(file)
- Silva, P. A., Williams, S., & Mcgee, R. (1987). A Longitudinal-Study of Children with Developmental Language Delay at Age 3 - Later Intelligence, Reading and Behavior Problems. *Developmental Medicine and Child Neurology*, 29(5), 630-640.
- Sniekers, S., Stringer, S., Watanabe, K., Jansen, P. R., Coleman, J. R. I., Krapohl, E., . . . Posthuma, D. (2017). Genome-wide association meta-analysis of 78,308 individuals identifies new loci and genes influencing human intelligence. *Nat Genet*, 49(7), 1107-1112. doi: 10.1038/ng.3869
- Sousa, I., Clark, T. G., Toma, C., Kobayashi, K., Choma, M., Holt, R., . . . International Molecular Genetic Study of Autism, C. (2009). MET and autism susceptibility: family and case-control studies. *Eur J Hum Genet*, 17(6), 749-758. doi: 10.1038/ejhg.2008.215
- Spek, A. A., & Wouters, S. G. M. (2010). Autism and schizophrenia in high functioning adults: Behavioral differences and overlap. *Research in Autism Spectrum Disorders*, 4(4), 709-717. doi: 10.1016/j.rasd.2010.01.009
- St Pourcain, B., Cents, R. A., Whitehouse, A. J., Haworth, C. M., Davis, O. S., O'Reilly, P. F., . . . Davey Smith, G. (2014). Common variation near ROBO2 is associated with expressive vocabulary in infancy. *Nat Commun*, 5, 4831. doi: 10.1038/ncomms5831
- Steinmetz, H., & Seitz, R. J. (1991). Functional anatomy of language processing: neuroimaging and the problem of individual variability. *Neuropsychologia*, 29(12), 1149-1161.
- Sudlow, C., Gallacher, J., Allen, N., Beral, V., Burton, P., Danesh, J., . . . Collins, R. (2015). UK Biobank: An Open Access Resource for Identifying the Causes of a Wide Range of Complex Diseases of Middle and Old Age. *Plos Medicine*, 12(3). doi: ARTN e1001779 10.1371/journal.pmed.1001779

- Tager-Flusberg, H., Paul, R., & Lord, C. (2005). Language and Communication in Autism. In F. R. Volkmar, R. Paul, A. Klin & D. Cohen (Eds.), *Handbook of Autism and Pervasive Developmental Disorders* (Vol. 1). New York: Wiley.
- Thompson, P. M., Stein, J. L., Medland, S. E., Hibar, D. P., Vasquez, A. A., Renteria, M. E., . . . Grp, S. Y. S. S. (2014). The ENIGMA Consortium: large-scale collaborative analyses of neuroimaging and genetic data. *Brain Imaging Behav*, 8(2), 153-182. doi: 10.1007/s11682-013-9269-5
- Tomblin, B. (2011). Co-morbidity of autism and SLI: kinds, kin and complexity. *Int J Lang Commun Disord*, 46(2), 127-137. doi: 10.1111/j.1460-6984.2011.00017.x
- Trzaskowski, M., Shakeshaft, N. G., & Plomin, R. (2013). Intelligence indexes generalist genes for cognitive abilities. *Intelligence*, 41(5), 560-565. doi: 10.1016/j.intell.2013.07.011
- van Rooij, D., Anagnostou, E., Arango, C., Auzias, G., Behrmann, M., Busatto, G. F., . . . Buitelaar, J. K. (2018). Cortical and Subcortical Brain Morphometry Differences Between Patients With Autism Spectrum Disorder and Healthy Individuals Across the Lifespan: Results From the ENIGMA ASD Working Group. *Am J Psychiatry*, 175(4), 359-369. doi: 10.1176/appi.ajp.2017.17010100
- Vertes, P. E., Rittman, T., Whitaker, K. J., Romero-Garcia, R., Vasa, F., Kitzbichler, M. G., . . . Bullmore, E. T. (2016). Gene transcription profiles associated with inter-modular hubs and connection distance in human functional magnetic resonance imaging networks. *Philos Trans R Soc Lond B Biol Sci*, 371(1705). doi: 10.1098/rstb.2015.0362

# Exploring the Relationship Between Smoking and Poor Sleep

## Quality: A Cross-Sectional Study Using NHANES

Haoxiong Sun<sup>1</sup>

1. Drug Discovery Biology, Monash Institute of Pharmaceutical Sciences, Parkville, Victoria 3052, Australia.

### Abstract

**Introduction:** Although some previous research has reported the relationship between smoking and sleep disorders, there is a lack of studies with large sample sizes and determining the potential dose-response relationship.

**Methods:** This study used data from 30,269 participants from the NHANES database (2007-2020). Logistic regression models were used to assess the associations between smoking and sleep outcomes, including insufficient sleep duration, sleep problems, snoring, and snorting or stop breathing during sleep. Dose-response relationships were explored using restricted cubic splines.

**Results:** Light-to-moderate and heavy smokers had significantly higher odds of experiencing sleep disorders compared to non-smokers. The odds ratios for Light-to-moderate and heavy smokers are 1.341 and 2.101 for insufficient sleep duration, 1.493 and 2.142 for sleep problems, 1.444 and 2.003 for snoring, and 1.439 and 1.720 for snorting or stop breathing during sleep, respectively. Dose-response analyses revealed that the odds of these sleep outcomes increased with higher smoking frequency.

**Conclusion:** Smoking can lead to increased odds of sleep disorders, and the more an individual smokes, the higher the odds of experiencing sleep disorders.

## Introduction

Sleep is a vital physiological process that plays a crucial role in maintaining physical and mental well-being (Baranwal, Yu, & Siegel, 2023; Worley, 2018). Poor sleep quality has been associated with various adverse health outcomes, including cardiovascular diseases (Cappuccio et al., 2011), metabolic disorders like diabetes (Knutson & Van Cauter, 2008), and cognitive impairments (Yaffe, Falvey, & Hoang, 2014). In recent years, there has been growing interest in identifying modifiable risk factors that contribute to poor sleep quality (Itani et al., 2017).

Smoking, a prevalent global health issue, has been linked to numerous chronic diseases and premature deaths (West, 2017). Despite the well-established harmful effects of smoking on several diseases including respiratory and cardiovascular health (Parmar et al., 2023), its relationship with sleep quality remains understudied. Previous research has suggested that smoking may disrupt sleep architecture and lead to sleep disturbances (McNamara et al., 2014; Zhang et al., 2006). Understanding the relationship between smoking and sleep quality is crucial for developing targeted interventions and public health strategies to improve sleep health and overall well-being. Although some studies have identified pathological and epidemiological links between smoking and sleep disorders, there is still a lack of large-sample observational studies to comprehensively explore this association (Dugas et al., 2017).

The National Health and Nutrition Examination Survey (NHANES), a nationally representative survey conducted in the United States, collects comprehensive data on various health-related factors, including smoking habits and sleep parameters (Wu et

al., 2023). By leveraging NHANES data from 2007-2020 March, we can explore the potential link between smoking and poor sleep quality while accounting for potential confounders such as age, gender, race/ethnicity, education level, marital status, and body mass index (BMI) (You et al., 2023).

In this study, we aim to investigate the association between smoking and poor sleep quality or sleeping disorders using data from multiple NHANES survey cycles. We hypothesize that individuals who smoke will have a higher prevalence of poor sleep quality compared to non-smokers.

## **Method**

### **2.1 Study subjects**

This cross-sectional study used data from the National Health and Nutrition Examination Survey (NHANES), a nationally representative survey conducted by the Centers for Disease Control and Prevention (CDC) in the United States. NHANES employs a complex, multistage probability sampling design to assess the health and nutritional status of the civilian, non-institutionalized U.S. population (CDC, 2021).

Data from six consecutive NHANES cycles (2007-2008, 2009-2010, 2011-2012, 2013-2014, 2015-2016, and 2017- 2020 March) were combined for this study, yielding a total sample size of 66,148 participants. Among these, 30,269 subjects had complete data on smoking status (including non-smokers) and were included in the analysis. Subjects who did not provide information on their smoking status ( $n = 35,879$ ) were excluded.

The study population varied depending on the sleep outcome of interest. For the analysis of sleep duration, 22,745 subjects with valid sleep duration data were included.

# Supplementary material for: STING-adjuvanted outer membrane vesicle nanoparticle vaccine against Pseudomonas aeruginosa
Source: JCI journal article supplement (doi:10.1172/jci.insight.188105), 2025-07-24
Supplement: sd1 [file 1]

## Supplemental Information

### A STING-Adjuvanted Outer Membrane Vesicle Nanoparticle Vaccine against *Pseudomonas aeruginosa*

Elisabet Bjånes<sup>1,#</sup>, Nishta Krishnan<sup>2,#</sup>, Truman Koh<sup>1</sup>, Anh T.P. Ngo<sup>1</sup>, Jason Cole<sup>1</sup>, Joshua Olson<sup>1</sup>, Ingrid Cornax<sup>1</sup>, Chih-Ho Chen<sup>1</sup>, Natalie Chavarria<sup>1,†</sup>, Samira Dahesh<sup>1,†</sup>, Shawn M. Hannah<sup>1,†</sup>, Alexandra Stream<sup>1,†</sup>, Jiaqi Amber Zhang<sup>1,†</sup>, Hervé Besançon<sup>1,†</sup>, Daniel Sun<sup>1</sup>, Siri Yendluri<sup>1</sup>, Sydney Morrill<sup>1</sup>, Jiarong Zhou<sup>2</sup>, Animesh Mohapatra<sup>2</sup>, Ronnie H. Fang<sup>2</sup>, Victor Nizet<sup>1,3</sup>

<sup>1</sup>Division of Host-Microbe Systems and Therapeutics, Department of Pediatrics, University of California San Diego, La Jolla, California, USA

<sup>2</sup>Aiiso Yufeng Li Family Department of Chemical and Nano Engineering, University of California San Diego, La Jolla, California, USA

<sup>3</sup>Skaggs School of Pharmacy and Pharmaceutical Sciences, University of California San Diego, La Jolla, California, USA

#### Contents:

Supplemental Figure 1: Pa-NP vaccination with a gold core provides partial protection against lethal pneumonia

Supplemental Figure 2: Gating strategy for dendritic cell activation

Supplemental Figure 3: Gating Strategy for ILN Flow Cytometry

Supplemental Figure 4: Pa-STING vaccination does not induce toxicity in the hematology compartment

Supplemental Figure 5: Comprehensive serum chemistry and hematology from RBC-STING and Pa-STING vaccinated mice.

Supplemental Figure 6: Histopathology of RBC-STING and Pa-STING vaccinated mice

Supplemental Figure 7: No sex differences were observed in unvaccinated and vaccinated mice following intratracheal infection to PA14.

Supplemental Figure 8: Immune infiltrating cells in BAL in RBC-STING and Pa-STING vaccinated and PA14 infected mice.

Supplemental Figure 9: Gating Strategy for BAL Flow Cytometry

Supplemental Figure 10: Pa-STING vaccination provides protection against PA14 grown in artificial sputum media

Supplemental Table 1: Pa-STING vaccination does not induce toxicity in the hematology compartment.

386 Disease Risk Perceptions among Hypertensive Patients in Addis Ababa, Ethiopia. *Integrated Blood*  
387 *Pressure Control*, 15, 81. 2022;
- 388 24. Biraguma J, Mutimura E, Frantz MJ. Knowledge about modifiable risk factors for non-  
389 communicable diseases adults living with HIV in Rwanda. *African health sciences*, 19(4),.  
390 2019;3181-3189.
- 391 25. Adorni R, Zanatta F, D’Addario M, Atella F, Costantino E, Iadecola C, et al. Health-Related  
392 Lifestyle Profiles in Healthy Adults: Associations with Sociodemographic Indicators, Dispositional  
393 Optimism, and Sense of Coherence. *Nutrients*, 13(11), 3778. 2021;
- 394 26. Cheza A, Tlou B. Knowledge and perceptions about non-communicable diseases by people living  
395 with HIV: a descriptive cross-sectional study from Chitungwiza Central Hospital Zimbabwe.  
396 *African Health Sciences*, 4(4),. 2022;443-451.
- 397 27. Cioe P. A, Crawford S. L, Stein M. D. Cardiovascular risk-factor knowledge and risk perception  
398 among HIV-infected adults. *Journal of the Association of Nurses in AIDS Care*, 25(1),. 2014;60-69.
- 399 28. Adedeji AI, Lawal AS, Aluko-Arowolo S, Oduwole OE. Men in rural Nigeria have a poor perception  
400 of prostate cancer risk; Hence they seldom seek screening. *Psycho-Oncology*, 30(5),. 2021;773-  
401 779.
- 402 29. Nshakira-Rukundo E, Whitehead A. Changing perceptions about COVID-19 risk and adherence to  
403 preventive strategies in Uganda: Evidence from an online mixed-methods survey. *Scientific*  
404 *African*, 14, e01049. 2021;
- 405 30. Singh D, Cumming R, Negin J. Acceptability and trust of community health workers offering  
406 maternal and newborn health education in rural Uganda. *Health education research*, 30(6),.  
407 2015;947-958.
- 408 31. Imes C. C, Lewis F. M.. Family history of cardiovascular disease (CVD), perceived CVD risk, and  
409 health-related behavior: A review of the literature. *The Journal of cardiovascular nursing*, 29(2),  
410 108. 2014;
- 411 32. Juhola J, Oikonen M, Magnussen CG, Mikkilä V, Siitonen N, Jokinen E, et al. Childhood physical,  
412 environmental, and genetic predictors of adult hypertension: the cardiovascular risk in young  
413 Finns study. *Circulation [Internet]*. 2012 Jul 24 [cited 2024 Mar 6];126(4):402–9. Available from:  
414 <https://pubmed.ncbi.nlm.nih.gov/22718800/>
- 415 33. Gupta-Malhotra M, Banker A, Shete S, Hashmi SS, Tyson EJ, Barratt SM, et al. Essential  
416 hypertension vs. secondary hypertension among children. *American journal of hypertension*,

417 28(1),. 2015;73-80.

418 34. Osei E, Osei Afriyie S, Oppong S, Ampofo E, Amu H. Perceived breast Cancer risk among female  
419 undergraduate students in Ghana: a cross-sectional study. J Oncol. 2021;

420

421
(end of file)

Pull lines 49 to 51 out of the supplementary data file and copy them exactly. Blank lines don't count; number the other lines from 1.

Supplemental Figure 6: Histopathology of RBC-STING and Pa-STING vaccinated mice

Supplemental Figure 7: No sex differences were observed in unvaccinated and vaccinated mice following intratracheal infection to PA14.

Supplemental Figure 8: Immune infiltrating cells in BAL in RBC-STING and Pa-STING vaccinated and PA14 infected mice.